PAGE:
After spending two weeks in detention at the Pademba Road Prisons, the former Chief of Staff , State House, Dr. Richard Konteh, Alie Suma and Leslie Peter Crosby, were yesterday put on Le1bn (one billion Leones) bail each by Magistrate Komba Kamanda of Court No.2 for allegedly conspiring to defraud the State.
Before the start of the matter, the entire High Courtroom had been filled by sympathizers, family members, employees of the accused, patiently waiting for the case to come up, so they will listen to the proceedings while OSD Officers stood in the court’s entrance, providing security by preventing other people from entering after the court had been filled. Even journalists were asked to provide identification before entering.
When the matter was mentioned, Magistrate Komba Kamanda read out his ruling on the preliminary objection raised by Counsel Roland S.V. Wright that the prosecution witness should not tender the letter that was copied to him as purported to be written by the second accused, Dr. Richard Konteh, stating that the subject matter of count two has to do with forgery, so any document that is about to be tendered as evidence, must be in the original form.
According to the Magistrate, the prosecution had laid the proper foundations for the tendering of such document and that there is nothing stopping them from doing so. He then ordered that the letter be tendered and formed part of the court exhibits.
During cross-examination by Counsel Julian Cole, representing the first accused Alie Suma, the witness Sennah Marah, Senior Permanent Secretary in the Ministry of Trade and Industry, denied being one of several people holding a series of meetings with President Ernest Bai Koroma on the ban of timber export, agreeing that exhibit ‘B’ which is the request letter from Timber Harvesters, Processers and Exporters Sierra Leone Limited, does not contain any number of containers to be exported and that the release of 30 containers sent to the Shipping Agencies was not the first, after the ban on timber export.
The witness further agreed that the Officers sent to represent his Ministry at the Quay are supposed to ensure that timbers for export are properly checked to ensure they meet the required compliance of the Ministry, as shipment of value-added timber will only be done after the release had been sent out, adding that the Ministry officials at the Quay had never reported about a situation of prospective case of none compliance in relation to export of timber.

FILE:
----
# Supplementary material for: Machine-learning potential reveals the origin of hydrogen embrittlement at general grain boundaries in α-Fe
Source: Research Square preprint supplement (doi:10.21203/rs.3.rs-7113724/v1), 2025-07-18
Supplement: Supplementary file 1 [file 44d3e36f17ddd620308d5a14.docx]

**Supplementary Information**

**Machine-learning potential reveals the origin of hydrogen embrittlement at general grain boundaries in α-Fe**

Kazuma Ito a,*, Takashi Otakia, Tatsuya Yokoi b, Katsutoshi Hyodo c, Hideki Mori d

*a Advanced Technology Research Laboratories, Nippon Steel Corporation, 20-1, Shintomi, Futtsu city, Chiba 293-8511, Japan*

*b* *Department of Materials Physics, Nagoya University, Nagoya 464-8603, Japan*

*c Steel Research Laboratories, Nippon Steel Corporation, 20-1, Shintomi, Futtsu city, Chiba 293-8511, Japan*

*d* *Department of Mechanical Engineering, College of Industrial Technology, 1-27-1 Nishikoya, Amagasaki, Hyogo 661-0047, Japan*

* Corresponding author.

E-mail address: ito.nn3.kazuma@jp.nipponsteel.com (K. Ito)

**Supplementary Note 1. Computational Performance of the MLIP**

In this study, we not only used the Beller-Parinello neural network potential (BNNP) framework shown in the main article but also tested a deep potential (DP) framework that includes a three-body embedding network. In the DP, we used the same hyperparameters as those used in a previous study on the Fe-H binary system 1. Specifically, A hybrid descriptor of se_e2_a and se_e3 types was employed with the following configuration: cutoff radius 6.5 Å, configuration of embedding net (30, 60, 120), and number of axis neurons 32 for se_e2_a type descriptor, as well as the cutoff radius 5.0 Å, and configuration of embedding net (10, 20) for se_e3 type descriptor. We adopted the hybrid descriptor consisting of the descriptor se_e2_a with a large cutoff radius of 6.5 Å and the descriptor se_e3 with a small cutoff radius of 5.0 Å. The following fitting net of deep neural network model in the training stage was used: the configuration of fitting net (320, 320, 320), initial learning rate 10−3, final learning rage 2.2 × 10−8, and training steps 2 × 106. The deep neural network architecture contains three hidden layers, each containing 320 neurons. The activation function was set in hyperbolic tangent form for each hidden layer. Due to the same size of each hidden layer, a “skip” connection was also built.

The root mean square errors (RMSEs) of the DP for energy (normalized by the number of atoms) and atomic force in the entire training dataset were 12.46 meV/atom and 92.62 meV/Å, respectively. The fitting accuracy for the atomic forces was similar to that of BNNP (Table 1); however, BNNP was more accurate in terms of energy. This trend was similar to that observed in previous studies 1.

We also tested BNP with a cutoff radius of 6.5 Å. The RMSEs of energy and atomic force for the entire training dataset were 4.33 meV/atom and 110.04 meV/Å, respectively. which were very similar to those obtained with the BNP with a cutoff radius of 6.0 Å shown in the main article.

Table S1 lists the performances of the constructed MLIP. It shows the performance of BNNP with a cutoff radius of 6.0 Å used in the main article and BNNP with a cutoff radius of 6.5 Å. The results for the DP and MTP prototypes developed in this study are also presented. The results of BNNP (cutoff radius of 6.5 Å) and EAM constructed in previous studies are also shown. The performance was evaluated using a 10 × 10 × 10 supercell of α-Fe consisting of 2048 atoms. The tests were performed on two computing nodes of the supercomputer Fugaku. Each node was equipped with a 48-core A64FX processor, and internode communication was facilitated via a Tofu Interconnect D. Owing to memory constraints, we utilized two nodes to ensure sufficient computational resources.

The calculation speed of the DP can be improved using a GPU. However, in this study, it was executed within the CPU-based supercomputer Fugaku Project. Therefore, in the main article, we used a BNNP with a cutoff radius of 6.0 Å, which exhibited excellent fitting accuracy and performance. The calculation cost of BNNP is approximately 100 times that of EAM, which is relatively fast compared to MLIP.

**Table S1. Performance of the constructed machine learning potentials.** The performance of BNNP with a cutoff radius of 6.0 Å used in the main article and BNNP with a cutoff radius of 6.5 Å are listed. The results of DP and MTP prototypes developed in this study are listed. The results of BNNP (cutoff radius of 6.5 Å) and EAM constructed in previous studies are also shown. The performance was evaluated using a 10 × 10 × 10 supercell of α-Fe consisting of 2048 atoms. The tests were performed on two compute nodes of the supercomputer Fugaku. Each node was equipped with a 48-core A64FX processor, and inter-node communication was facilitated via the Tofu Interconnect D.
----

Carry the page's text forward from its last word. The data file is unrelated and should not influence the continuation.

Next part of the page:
Representing the second accused, Dr. Richard Konteh, Counsel Roland S.V. Wright, cross-examined the witness who maintained that the application of clearance on the issue was done on behalf of a corporate entity and not individual and that according to exhibit ‘H’ which was written by the Chief Director of his Ministry, states that the entity complies with thirty- containers requirement for export.
Before the adjournment, counsel representing the accused, renewed their bail applications having adopted their previous applications, maintaining that they have furnished the court with relevant case laws and in support they relied on section 79(2) of the Criminal Procedure Act 1965, as they have reliable sureties who are ready and willing to stand on their behalf.
In response to the bail application made by Counsel for defence, State Prosecution Monfred M. Sesay, disclosed that as a matter of law, bail is at the discretion of the Court, and as such, in the circumstance they are not opposing bail and relied on the Magistrate’s decision on the issue.
Magistrate Komba Kamanda said that, citing the case of Abraham B. Lavalie and nine others presided over by Justice M.A. Paul, even if the prosecution opposed to bail or not, he has the sole right to refuse or give bail, as all what the prosecution and the defence does is to assist the court with the necessary information on the matter, and ruled that the accused are put on bail in the sum of Le 1bn (one billion Leones) each with two sureties in like sum, who should be property holders in the Western Area and that the title deeds and travelling documents of the accused should be submitted to the Consultant Master and Registrar for approval of bail.
The matter comes up Tuesday 31st July 2014 for further hearing.
Upon hearing that pronouncement, sympathizers, family members and employees broke into loud jubilations and started singing different songs expressing happiness about the information, while others took to the streets singing and dancing, heading towards the eastern part of Freetown.
Friday July 11, 2014